The temptation for the designer of a virtual display is simply to point a video projector into such a light-guide but rays within the guide will fan out from the projector so that nowhere is the entire virtual image visible. The challenge is how to manage this problem. One approach is to emboss the light-guide with a preliminary grating which recycles rays back to the center of the light-guide, but this means that the entire virtual image is available only towards the center of the guide.
Proposed here is a solution which draws on mechanically scanned projectors where a laser beam is scanned first by a mirror oscillating about, say, a vertical axis then by a mirror oscillating about a horizontal axis so as to trace a Lissajou pattern in the far field. Provided that the mirrors oscillate sufficiently fast, the laser beam can be modulated so as to project an image onto a distant screen. The pupil of such a projector is no bigger than the diameter of the laser beam so we expand it first by passing it into a light guide shaped like a rod (i.e. long and thin as in the left hand of Fig. 1) which is embossed with a grating so as to expand the pupil in the direction of travel of the beam. Then we reflect the diffracted components off the second scanning mirror and couple them into a slab light-guide embossed with a grating so as to expand the pupil in the orthogonal dimension (right hand of Fig. 1, and Fig. 2). A consequence is that the second scanning mirror must span the width of the slab so is much bigger than in a scanned beam projector. But although big, the second mirror scans about its long axis so its moment of inertia increases linearly with length rather than with the square or cube of any dimension. It is therefore not difficult to scan it at frequencies significantly greater than the ~70 Hz threshold where flicker is usually perceived.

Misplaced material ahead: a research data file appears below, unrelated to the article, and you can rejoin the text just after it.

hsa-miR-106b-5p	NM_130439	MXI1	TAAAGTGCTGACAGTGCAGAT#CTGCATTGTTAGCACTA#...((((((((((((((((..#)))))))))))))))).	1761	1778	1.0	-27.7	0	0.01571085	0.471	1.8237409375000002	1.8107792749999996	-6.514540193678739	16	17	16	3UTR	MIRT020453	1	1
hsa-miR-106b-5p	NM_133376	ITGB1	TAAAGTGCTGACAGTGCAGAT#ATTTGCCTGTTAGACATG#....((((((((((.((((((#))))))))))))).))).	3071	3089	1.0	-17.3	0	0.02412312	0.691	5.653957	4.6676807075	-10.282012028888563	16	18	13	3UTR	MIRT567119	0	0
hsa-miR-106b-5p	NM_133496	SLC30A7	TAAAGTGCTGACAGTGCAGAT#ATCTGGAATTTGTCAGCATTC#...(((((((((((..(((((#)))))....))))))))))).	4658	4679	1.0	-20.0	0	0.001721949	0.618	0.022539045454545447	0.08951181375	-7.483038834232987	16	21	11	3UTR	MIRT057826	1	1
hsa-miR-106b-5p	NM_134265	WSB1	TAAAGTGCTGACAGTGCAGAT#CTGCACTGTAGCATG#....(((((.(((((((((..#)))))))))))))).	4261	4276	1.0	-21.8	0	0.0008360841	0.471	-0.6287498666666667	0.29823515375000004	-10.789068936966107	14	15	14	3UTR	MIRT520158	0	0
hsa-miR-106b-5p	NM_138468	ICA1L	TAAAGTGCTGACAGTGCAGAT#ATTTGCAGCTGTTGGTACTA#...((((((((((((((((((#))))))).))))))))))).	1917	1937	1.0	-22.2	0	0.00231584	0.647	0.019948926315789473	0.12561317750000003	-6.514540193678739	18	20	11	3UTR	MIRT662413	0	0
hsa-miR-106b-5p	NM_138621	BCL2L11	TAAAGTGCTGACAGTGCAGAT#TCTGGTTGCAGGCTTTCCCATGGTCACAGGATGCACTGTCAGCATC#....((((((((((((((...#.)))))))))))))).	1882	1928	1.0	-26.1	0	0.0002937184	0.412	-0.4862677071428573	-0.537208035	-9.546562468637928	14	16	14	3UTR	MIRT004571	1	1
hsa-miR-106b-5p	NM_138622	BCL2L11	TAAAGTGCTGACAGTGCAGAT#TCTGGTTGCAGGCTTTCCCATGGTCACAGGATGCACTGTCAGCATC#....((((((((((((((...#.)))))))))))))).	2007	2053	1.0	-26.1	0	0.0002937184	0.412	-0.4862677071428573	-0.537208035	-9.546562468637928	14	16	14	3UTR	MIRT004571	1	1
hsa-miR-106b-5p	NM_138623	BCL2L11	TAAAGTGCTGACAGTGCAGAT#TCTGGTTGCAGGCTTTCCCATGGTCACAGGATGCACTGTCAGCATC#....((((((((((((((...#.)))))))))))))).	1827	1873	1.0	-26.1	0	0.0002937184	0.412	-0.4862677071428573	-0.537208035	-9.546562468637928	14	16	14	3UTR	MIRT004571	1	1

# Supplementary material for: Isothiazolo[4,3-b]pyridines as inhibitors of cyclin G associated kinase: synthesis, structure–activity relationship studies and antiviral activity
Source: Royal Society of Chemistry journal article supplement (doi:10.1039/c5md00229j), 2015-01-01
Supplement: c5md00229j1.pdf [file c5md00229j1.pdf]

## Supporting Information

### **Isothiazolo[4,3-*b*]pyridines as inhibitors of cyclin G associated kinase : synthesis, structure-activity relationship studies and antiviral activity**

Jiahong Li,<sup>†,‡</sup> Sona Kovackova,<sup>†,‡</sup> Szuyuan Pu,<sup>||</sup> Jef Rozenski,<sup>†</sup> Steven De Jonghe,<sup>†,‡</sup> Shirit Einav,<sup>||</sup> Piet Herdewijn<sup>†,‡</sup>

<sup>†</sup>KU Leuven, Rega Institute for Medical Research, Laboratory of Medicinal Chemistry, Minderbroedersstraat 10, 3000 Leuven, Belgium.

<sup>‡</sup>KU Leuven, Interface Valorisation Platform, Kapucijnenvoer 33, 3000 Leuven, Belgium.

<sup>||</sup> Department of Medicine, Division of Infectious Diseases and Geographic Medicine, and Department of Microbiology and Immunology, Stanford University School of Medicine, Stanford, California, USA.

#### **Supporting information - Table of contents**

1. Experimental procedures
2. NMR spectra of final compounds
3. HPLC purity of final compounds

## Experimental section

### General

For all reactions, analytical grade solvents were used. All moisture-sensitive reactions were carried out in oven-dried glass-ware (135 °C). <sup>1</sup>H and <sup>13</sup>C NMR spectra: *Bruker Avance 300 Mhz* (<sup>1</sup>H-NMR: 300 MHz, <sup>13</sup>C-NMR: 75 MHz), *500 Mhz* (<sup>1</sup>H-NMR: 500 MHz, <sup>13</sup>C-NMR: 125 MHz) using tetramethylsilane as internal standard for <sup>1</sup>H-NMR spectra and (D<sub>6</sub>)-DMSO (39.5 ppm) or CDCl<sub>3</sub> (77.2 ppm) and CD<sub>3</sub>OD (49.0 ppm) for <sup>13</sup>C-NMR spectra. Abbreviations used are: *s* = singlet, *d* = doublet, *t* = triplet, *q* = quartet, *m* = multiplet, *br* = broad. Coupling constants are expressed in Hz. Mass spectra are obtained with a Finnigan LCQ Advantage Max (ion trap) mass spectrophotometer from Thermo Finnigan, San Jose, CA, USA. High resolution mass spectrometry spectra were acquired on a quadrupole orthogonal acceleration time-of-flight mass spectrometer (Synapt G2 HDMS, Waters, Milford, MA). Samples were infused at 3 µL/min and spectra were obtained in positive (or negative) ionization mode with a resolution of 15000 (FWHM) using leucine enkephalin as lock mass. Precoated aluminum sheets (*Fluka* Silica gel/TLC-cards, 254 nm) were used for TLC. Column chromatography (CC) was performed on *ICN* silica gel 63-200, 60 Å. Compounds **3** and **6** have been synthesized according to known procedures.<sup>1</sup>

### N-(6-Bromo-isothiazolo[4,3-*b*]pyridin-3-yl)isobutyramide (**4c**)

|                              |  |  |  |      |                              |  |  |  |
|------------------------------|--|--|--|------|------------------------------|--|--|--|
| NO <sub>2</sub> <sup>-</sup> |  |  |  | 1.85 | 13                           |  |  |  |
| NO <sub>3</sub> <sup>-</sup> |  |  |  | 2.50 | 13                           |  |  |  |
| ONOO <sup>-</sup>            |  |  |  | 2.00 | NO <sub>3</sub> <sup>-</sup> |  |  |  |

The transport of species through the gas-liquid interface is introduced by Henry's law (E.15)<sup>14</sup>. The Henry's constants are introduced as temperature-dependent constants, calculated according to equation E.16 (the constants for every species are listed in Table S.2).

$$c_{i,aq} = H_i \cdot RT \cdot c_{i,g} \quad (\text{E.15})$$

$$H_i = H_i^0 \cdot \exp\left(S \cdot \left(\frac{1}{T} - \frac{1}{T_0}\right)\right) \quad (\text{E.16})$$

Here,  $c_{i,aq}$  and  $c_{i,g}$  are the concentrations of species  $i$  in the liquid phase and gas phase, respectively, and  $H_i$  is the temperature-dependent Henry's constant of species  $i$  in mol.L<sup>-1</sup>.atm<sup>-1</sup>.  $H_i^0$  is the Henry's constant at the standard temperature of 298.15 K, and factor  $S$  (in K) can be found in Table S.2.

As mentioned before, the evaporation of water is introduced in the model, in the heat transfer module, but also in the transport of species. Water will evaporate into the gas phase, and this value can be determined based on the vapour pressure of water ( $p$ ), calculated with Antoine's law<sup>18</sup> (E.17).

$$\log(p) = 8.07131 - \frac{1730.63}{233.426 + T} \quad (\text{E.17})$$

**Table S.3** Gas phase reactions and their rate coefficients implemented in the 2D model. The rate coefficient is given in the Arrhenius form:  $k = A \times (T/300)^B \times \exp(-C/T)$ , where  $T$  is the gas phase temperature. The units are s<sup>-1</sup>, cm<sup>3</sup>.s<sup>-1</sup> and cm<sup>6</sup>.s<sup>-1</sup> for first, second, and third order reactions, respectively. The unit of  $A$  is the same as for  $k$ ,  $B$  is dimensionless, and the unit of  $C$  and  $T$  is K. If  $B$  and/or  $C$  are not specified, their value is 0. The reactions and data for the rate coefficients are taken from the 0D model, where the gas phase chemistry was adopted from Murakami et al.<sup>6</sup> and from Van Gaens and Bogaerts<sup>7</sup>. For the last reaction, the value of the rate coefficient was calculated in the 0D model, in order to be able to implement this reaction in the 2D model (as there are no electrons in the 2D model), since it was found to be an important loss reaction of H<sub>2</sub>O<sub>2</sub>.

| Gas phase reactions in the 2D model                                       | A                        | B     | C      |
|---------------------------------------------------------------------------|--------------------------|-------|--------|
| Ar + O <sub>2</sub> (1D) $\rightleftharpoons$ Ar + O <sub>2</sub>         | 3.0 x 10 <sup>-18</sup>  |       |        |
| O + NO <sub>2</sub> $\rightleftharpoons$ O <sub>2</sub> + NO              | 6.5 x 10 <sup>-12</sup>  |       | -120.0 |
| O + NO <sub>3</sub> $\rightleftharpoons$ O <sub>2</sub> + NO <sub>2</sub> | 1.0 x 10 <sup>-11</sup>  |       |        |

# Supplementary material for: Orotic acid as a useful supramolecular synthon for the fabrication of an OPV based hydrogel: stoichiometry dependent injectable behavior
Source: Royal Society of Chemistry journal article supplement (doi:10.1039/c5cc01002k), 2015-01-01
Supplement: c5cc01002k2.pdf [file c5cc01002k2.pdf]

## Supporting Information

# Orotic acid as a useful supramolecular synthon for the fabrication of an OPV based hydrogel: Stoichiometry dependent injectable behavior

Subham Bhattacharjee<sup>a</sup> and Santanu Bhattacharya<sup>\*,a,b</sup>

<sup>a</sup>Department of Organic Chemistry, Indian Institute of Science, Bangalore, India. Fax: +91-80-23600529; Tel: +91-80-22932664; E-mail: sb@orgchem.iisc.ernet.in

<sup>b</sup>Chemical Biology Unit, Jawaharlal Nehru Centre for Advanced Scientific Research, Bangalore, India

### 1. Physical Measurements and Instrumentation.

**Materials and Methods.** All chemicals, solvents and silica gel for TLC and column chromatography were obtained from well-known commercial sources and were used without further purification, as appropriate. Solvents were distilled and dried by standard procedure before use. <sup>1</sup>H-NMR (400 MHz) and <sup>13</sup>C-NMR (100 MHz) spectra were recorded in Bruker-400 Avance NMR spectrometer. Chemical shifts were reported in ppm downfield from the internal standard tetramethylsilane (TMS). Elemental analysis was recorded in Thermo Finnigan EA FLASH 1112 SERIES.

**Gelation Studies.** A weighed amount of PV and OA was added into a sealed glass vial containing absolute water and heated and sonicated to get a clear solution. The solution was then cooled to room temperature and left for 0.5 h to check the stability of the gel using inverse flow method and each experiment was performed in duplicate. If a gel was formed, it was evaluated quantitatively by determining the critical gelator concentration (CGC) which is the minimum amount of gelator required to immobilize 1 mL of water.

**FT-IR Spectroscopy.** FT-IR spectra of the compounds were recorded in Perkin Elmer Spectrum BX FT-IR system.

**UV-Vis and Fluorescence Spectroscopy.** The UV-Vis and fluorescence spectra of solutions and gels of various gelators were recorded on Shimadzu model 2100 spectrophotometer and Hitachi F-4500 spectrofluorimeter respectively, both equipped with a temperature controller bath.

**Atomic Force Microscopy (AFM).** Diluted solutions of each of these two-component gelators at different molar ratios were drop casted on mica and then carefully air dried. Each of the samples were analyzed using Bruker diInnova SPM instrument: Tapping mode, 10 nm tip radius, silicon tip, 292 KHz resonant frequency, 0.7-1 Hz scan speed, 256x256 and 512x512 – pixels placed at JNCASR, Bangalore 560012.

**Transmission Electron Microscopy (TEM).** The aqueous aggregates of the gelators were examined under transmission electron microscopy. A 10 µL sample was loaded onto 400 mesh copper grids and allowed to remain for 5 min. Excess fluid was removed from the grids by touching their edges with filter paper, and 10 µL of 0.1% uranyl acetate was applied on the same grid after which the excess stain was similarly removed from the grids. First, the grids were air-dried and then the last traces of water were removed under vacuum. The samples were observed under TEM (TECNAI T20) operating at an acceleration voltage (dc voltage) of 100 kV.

The advantage of this approach over previous light guide concepts is that instead of placing the pupil expansion optics after the projector, we have interleaved one with the other. By initially scanning the ray in only one dimension, we can expand the pupil in that dimension without any fan-out in the orthogonal dimension. When rays emerge normal to the slab, they therefore do so from its entire surface. Most rays of course travel within the slab at an angle to its central axis, leaving one or other corner of the slab in shadow. This can in principle be corrected by injecting also rays at the opposite angle so that they reflect off the side of the slab and fill the shadowed corner, as explained in .